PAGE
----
7. The judge took into account, as he said at paragraph 18, that that P45 was submitted by the Appellant at the time of her application for ILR and was part of the bundle of her employment record before the Tribunal. Moreover, at paragraph 19 he referred to another document in the Appellant's bundle, in her assumed name of Juliana Quarshie, but this time using a different national insurance number from the one referred to elsewhere in the evidence, namely NM941147D.
8. Putting all these factors together, he said that the significant inconsistencies in the Appellant's evidence undermined the reliability of the documentary evidence she produced; and he also had serious doubts as to the reliability of her evidence about her activities in the name of Quarshie.
9. We have mentioned that the evidence before Judge Harris included a written statement from the Appellant's sister. The Appellant explained that Mrs Puplampu, her sister, was unwell and unable to attend the hearing, but nevertheless Mr Kanu on her behalf and on her instructions proceeded with the appeal. In the absence of Mrs Puplampu to be tested in cross-examination, with no convincing medical evidence as to her illness and inability to attend the hearing, it is not surprising that the judge found that the written statement could not be given such weight as to help to remedy the deficiencies elsewhere in the evidence.
10. It was for the judge who saw and heard the Appellant give oral evidence and be cross-examined to make an assessment of her reliability having regard also to the documentary evidence before him. He concluded that he was not satisfied that the Appellant had demonstrated on the balance of probabilities that she had resided continuously in the UK for a period of at least fourteen years. That was a conclusion he was plainly entitled to reach and there is no error of law which would entitle this Tribunal to interfere. It follows that the same applies to reliance on the twenty year continuous residence rule.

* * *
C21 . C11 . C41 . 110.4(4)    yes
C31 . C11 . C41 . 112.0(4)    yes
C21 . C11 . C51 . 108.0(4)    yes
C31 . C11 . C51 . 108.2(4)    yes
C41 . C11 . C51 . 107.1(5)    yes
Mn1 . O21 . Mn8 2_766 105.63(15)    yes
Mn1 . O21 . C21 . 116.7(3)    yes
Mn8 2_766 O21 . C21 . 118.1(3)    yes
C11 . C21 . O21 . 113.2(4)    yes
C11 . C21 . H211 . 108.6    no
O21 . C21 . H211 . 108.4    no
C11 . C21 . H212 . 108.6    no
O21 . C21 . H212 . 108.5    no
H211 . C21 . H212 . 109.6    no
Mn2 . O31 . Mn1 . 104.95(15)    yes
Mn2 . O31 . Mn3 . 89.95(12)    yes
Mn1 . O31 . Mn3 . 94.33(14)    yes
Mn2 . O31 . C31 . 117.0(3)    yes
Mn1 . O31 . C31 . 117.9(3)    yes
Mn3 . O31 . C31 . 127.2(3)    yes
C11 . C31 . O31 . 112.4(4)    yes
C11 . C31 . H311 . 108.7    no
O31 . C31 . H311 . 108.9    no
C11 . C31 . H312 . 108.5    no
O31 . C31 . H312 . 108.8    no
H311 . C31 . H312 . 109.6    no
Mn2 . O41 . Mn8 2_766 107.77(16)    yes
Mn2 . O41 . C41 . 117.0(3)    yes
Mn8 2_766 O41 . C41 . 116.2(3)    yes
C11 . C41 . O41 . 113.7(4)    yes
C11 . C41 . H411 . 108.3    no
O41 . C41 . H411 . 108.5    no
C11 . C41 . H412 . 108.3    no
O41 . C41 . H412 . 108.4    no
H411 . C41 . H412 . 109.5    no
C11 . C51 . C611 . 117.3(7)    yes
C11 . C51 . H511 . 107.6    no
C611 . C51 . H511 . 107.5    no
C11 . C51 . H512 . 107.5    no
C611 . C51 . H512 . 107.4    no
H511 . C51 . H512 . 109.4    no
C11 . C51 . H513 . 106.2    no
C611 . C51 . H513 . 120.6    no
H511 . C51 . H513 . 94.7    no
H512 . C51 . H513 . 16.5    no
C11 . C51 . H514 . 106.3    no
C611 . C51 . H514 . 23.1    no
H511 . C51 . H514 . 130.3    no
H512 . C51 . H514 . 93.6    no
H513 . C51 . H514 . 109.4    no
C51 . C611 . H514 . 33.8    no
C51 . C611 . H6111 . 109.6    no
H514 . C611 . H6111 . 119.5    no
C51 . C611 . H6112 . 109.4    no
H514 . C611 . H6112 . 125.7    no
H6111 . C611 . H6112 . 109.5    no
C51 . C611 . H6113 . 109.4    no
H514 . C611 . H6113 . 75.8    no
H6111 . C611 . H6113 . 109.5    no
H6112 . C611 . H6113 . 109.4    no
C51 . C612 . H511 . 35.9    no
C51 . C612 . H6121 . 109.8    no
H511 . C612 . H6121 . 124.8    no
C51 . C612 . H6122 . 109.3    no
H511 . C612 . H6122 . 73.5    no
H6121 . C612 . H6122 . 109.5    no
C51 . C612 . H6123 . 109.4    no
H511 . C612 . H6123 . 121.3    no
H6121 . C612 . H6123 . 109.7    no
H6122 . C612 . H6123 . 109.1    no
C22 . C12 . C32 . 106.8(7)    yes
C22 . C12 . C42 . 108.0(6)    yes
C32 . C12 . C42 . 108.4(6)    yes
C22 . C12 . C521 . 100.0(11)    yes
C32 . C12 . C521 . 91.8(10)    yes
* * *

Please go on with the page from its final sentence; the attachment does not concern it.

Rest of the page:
11. The judge then went on to consider the alternative claim under Article 8 and after reference to the decisions of this Tribunal in Izuazu, the House of Lords in Huang and the questions posed by Lord Bingham in the House of Lords in Razgar, he said that he was prepared to accept that the Appellant had resided in the UK since at least June 2011 and so has established private life here. It may be, although he did not spell this out, that he was satisfied that the Appellant had also lived and worked here at least intermittently for various periods between 1989 and June 2011. But in any event that could not make a real difference. Almost anybody who has spent time in the UK has some Article 8 private life. The significance of that private life or family life obviously varies from case to case.
12. This is a case in which the Appellant had no dependent children in this country, no spouse or long term partner in this country, no dependent elderly or sick parents or anything of that kind. She has a sister in this country but the case law clearly establishes that the presence of an adult sibling in this country does not begin to establish a bar under Article 8 to removal. It was simply not arguable before the First-tier Tribunal and is not arguable before us that once the Appellant had failed to establish the continuous residence which would bring her within the Rules, any sensible assessment of proportionality could result in the Appellant being granted leave to remain because of her Article 8 rights when set against the need to maintain effective immigration control.
13. Accordingly the judge's conclusion on this issue that the decision of the Respondent is proportionate and in accordance with Article 8 discloses no error of law and it follows that the appeal must be dismissed.

Signed Date

The Honourable Mr Justice Bean
Sitting as a Judge of the Upper Tribunal